Hacking Back #IRL

Eradicating an Intruder from a Network

Dave Dittrich

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Photo by Jakob Owens on Unsplash

“Hacking back” doesn’t always mean going outside your own network. In fact, it is best done quietly, inside your own network where you have home field advantage, and both slowly and deliberately so as to deliver a definitive enough blow to someone’s activities that they leave your network and don’t come back. This is a story of how I did it, and how you can, too.

This story (excerpted from a book in progress) centers on a hacker who I will refer to by the nick “G0by” (spelled with a Zero, and not his real nick.) G0by was part of a criminal hacker gang actively compromising systems around the globe for the purpose of installing back doors, sniffers, Internet Relay Chat (IRC) proxies and bots, which were sold and traded in the computer underground. While fictionalized, this story is based on a series of in-real-life abuse complaints and resulting intrusion response activities at a major university in the United States that occurred in the late 1990s. The victims of this crew included universities, small businesses (including several small local ISPs), and corporations (including an online trading company, a brokerage group, a truck scale manufacturer, and an electronic media publishing company) around the globe.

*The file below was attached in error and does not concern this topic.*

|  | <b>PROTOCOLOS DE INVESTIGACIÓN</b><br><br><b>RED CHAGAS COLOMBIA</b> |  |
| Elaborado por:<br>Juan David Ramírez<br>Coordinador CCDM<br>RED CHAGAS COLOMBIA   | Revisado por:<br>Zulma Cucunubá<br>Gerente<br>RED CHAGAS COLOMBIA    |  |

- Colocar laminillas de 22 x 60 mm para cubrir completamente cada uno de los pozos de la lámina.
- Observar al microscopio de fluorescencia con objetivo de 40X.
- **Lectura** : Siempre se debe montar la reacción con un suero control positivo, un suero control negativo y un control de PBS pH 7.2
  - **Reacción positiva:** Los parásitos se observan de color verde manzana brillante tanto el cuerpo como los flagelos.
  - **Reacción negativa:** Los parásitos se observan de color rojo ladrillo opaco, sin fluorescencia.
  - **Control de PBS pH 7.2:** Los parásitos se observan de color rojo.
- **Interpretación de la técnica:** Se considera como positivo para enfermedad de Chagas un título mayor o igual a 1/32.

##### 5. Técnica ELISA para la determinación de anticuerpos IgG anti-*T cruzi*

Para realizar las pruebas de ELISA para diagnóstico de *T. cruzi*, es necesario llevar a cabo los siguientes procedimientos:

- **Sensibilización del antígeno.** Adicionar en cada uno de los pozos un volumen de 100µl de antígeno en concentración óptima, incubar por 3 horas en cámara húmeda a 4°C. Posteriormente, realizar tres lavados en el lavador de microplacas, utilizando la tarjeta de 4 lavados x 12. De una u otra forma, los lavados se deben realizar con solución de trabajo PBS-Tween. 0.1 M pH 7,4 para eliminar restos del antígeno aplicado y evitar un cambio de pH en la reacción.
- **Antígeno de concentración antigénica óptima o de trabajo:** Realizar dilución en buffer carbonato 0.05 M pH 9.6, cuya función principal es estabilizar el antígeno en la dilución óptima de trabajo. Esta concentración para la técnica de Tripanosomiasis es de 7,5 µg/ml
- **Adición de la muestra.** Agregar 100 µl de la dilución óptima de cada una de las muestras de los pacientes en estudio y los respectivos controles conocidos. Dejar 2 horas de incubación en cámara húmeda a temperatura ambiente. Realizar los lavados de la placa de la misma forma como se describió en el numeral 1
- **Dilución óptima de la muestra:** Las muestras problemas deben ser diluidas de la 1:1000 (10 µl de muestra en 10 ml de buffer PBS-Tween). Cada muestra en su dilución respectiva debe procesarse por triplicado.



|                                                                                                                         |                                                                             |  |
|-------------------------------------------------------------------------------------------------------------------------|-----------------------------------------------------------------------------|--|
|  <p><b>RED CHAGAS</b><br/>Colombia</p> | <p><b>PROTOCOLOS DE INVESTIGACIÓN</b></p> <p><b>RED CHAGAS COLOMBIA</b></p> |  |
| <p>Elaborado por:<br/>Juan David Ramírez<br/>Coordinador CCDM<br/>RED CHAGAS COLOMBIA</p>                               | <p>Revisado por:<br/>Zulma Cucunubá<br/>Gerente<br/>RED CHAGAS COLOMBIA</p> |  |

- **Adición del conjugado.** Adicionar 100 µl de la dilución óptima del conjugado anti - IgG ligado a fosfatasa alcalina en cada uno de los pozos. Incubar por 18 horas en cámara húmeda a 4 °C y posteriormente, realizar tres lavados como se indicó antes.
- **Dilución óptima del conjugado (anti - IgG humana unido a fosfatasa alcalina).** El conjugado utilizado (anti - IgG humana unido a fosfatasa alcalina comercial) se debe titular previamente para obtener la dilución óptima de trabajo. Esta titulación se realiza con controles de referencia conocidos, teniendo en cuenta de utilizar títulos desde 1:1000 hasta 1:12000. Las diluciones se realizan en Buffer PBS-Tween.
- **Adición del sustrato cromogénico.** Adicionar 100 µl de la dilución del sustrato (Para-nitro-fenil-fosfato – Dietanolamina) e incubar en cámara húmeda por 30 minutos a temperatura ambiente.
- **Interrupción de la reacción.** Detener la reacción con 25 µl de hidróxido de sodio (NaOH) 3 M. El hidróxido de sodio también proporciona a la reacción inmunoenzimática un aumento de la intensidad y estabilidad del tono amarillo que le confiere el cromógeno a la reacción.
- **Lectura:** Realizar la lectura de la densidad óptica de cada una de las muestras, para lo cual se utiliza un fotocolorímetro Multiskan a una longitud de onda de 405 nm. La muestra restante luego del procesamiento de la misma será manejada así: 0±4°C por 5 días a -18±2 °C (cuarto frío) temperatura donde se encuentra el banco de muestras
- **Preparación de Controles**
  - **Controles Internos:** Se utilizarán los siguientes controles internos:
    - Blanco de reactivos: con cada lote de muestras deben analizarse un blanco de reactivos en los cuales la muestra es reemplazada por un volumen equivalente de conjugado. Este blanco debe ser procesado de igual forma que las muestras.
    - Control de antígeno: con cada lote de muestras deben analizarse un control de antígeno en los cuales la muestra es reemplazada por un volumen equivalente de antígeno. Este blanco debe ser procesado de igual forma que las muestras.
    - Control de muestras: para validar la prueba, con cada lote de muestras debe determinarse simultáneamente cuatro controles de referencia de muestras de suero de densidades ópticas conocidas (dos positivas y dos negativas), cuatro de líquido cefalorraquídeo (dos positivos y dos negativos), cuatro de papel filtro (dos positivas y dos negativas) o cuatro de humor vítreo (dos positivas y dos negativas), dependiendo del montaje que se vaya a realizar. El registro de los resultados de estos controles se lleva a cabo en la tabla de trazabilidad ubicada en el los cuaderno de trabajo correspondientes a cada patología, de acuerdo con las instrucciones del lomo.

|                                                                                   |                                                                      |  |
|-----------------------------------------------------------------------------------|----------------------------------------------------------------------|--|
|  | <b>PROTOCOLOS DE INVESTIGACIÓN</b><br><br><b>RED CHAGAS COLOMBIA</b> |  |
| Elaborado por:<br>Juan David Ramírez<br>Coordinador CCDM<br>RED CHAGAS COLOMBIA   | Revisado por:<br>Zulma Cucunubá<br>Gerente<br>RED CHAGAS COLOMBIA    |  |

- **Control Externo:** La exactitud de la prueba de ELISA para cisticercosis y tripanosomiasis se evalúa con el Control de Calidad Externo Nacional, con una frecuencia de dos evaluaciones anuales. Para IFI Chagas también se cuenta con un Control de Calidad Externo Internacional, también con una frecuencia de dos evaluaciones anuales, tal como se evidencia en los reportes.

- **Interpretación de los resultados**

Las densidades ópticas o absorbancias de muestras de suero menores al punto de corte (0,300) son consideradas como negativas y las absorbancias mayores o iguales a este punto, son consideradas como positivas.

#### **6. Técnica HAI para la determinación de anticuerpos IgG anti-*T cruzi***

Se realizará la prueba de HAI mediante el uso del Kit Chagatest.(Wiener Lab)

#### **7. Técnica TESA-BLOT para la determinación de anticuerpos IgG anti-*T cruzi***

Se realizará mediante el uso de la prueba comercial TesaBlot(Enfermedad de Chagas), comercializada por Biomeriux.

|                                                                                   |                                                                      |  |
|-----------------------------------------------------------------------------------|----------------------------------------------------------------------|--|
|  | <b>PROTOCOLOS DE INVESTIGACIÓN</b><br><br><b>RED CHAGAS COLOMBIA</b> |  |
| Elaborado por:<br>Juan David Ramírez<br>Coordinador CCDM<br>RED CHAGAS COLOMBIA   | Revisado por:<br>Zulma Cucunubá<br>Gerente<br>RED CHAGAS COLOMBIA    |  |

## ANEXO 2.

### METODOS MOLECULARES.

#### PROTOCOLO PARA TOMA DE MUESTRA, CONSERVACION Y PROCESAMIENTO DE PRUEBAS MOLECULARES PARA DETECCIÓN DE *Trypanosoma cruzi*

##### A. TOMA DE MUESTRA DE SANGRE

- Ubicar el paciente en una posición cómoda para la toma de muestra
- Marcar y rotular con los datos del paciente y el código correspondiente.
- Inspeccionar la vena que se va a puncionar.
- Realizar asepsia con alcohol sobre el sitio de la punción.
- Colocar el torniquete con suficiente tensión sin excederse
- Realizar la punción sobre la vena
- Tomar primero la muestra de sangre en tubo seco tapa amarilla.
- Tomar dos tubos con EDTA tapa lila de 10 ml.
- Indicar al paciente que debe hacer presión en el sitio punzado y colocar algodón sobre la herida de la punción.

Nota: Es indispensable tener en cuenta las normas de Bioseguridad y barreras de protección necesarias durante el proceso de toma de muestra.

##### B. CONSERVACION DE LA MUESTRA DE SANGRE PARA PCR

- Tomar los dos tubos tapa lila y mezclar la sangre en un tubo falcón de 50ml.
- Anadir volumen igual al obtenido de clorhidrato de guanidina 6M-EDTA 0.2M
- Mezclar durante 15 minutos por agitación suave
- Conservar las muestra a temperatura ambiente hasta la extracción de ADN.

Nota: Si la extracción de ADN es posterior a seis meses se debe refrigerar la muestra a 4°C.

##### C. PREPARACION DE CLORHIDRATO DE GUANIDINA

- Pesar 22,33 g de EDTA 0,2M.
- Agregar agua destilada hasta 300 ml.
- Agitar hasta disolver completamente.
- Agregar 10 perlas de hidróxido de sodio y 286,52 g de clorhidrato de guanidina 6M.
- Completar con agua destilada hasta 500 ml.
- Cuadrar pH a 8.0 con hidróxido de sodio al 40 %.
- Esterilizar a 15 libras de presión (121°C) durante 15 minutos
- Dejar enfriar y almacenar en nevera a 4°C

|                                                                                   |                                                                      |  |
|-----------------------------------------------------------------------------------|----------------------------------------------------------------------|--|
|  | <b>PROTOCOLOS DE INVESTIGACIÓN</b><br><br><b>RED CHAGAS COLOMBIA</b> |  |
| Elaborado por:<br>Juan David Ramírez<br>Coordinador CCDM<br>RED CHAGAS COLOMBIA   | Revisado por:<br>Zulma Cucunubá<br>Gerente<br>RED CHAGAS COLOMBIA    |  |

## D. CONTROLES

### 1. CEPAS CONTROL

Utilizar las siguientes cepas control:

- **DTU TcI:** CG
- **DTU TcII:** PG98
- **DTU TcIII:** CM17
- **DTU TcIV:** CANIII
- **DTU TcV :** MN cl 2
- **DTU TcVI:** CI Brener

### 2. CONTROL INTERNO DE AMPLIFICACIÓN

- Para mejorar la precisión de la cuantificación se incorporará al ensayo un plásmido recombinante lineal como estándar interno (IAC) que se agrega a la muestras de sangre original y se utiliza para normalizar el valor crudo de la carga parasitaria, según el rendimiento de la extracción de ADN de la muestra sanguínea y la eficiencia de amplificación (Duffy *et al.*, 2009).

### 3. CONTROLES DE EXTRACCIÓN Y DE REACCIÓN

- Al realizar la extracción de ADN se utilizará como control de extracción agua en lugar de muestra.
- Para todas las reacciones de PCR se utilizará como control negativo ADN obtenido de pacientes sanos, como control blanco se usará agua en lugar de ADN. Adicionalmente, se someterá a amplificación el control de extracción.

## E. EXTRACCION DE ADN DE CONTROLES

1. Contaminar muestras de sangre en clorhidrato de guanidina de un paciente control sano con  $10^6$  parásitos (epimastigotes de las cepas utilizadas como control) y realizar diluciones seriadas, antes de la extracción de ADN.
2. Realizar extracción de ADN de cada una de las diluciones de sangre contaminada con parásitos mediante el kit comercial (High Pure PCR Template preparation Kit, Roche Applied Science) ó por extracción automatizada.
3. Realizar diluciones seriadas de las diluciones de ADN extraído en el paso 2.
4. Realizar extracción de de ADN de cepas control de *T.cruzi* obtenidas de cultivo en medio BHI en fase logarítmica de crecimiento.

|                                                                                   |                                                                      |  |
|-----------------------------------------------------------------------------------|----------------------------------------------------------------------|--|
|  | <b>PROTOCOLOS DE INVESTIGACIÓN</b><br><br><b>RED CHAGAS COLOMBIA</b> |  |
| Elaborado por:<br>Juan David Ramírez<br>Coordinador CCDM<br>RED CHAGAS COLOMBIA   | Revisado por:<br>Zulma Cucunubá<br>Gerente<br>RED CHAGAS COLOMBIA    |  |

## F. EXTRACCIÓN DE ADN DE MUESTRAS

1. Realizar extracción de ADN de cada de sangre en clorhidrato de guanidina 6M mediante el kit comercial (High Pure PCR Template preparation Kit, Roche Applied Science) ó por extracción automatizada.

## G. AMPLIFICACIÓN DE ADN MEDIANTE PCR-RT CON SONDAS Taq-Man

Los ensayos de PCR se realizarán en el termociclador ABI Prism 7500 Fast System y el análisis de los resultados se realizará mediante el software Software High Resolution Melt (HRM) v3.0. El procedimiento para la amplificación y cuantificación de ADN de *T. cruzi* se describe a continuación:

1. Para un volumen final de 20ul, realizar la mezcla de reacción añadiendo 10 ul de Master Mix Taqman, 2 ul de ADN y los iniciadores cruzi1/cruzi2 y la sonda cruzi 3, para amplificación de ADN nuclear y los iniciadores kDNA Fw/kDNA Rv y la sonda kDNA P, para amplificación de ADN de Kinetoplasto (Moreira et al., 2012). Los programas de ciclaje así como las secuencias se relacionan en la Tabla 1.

Facts that underlie this story were learned through detailed analysis of keystrokes and communications of G0by during the period of time he was observed. This included the crew’s own correspondence — captured in chat logs on the systems they compromised due to their own sloppy operational security practices in many cases, no less! — as well as analysis of the malicious software he methodically installed on victimized sites. Interactions with other incident response security operators (one in particular who knew G0by) provided additional new insights.

G0by and His Crew

G0by lived in a tropical island nation near the equator. On any given day, the sun rises around 6:00 AM and sets about 6:00 PM, give or take a half-hour or so, depending on the time of the year. Things move very slowly in the tropics. This is commonly known as “rubber time.”

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Dave Dittrich

Information Security Researcher, Consultant, Writer. Support my writing by joining Medium https://git.io/JKLPq (affiliate link — I get a portion of your fee)